OPED: How PA preys on private property
Public funding of law enforcement agencies and the courts is meant to promote a fair and publicly accountable justice system. Yet more than 60 law enforcement agencies in Pennsylvania are undermining public trust as they rake in big bucks from the seizure and forfeiture of private property.
Officially known as civil asset forfeiture, federal law allows local and state police officers to seize your cash, car or other private property on the mere suspicion that it is somehow connected to criminal activity — and without ever convicting or even charging you with a crime. The property is then turned over to the federal Department of Justice (DOJ) for proceedings under lax federal civil forfeiture laws — not under often more stringent state forfeiture laws. This stacks the deck against private property owners.
In addition, federal “equitable sharing” rules allow Pennsylvania law enforcement agencies to keep up to 80 percent of the proceeds recovered from the forfeited property.
This federal gravy train is too tempting for some police departments to resist. Pennsylvania state and local law enforcement agencies fattened their budgets in 2016 by more than $10 million through this practice.
County district attorneys were first in line. The Montgomery County District Attorney’s Office had a really big year, with $2.9 million in forfeiture proceeds. All other county district attorneys, combined, took in another $1.2 million, including $126,856 going to the Bucks County District Attorney’s Office and $312,377 to the Pennsylvania Office of Attorney General.
The Pennsylvania State police collected more than $970,000 from forfeited property and the Philadelphia Amtrak Police Department $910,571.
Elsewhere in eastern Pennsylvania, agencies receiving forfeited funds included the: Philadelphia Police Department, $434,753; Lansdale Borough police Department, $85,162; East Lampeter Township Police Department, $12,311; City of Wilkes-Barre Police Department, $64,818; Cumru Township Police Department, $134,785; Palmer Township Police Department, $140,276; Harrisburg Bureau of Police, $49,188; Hazelton Police Department, $71,534; Scranton Police Department, $77,738; Pocono Mountain Regional Police Department, $64,929; and the Allentown Police Department, $161,393.
A substantial portion of these amounts are taken from completely innocent Pennsylvania residents who cannot afford the legal representation needed to get their money and property back. The poor are hit the hardest.
Formally adopted municipal budgets are important administrative vehicles allowing locally elected officials to maintain control over their police departments. The federal “equitable sharing” program undercuts this control mechanism by setting up a backdoor funding scheme not regulated by Pennsylvania civil and criminal asset forfeited laws.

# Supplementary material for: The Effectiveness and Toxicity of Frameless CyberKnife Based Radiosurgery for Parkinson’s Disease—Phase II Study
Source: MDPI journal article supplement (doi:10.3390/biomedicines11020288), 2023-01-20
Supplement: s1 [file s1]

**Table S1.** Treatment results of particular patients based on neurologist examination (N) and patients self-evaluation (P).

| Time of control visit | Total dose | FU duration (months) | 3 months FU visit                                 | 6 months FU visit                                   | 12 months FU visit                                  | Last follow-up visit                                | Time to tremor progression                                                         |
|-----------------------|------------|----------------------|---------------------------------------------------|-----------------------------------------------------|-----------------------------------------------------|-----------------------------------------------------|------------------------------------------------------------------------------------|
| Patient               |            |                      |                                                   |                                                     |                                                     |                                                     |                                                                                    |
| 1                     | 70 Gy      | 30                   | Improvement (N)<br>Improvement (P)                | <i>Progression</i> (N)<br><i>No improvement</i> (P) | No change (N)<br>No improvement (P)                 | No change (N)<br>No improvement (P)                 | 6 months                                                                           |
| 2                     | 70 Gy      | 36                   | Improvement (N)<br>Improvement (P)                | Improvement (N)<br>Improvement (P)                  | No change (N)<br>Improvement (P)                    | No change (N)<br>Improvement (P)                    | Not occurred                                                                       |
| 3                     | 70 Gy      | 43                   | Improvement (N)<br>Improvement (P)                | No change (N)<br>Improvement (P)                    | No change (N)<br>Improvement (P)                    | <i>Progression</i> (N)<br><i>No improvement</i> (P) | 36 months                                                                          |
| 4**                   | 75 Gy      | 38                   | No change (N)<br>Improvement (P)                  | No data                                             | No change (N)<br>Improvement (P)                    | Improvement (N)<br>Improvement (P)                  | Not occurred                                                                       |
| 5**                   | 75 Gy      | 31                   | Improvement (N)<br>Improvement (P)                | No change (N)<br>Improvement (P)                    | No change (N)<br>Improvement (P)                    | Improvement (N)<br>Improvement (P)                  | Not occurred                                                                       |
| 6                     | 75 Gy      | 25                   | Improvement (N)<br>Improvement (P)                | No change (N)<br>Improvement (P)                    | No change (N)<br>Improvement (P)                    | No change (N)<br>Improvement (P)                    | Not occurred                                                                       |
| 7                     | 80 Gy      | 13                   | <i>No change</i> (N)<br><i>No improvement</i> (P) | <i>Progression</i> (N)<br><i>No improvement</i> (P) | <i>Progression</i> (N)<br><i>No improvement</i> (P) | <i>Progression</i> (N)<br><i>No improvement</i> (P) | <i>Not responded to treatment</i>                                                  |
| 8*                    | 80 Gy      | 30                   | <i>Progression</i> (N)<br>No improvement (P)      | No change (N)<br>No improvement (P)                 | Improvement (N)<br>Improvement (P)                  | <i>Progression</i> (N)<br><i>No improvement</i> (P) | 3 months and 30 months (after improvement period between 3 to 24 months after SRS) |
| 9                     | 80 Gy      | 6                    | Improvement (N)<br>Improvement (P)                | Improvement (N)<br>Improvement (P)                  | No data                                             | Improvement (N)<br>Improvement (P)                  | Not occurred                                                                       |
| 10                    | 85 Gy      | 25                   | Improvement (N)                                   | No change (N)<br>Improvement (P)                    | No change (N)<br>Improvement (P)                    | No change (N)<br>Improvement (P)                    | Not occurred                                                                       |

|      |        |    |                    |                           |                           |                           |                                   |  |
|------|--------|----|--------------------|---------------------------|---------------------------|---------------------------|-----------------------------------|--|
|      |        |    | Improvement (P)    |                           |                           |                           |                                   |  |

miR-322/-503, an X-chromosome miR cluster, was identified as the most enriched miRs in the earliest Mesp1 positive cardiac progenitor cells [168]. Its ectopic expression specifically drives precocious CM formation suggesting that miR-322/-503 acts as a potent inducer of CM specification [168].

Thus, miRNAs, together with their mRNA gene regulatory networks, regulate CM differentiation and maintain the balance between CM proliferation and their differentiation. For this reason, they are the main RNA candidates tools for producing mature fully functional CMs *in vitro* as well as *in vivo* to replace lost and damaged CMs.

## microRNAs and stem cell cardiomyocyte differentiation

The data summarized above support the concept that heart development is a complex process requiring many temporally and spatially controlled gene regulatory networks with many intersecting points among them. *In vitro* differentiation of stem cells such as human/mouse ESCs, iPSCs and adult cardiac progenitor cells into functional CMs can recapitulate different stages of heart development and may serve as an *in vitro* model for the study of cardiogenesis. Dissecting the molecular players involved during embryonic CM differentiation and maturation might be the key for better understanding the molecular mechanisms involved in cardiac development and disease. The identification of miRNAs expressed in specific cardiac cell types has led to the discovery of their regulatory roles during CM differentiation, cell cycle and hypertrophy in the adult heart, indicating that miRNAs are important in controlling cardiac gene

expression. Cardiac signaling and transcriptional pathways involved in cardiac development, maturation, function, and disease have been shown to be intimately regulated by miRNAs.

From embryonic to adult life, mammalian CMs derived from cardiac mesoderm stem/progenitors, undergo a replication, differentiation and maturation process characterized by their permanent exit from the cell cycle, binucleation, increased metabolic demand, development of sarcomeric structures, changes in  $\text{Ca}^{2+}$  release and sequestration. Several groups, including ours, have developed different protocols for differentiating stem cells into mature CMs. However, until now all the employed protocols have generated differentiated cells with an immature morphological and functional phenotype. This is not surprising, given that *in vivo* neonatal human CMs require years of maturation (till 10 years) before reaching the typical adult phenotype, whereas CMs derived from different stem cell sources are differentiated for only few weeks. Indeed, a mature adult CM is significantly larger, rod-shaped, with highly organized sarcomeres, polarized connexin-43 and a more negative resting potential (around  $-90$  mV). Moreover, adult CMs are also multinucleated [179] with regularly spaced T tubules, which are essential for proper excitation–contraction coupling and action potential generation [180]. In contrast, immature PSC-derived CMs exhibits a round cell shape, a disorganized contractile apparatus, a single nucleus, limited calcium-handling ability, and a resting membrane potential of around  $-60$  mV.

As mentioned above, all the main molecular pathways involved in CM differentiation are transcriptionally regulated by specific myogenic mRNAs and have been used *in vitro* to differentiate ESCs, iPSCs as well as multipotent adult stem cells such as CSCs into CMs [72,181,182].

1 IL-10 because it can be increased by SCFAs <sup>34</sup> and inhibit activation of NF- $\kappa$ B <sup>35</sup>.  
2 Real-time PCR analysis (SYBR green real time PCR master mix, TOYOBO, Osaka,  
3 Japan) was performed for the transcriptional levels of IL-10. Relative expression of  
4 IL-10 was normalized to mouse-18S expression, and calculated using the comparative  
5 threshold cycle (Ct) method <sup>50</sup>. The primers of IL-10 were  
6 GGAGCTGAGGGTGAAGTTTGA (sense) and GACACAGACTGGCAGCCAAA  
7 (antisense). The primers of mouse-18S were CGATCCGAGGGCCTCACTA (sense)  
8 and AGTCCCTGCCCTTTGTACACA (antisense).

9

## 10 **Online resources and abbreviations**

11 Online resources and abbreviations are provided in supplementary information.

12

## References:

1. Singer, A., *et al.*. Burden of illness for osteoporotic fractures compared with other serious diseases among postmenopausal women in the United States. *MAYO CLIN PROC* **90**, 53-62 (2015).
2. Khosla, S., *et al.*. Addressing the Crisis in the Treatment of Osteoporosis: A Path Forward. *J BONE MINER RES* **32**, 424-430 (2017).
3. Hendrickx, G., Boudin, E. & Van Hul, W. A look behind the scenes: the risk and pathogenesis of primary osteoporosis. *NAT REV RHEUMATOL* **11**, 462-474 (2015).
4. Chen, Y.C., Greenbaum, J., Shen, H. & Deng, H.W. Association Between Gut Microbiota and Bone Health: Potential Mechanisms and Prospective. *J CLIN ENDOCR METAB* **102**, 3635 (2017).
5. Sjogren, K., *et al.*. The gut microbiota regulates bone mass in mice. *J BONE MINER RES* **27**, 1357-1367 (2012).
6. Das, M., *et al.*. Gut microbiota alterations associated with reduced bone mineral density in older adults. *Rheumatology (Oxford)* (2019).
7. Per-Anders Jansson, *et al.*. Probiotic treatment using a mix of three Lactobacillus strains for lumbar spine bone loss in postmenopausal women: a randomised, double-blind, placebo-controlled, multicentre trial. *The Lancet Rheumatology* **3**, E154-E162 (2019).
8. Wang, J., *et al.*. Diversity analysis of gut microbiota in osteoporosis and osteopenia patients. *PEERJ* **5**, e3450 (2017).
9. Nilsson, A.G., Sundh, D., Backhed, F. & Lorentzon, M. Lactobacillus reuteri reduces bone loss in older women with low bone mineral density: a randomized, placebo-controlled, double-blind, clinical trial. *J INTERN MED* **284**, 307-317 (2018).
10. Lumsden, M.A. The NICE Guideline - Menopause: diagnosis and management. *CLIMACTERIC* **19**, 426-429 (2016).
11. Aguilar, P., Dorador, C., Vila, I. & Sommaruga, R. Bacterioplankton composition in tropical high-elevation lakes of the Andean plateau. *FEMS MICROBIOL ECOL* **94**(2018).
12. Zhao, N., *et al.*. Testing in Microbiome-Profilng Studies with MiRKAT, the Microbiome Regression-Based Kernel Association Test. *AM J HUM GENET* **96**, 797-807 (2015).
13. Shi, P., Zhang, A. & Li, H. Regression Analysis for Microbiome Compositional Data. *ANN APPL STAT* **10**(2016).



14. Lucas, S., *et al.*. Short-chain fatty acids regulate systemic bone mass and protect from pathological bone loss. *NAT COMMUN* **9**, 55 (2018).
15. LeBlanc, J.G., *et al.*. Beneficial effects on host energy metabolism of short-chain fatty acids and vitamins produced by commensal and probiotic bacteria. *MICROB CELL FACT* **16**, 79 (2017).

And, by giving police officers a huge financial incentive to aggressively target forfeitable assets, rather than pursue justice, the feds invite property rights abuse.
What to do? According to the Institute for Justice, a Washington-based public-interest law firm, Pennsylvania lawmakers should follow the lead set by New Mexico and end asset forfeiture property seizures.
The 2015 New Mexico Forfeiture Act requires property seized by local and state law enforcement agencies, with few exceptions, to be adjudicated in, and under, New Mexico laws. Here is how it works.
- The state of New Mexico acquires provisional title to all property seized by state or local law enforcement agencies at the time the property is used or acquired in connection with an offence that subjects the property to forfeiture. Provisional title authorizes the state to hold and protect the property.
- New Mexico law enforcement agencies are not permitted to directly or indirectly transfer seized property to a federal law enforcement authority or other federal agency unless the value of the property exceeds $50,000 or the alleged crime is interstate in nature or sufficiently complex to justify transfer.
- A person’s property is subject to forfeiture only after he or she is convicted, by clear and convincing evidence, in a state criminal court, of an offense to which forfeiture applies.
- Law enforcement agencies cannot retain forfeited property. Forfeited currency and proceeds of the sale of forfeited property must be deposited in the state’s general fund.
- Placing similar restrictions on Pennsylvania law enforcement agencies would rebuild trust. Property owners in Pennsylvania would no longer wonder if their law enforcement officials are following even-handed, due-process procedures, or padding their agency’s budgets at the citizens’ expense.
Ronald Fraser, Ph.D., writes on public policy issues for the DKT Liberty Project, a Washington-based civil liberties organization. Write him at:firstname.lastname@example.org.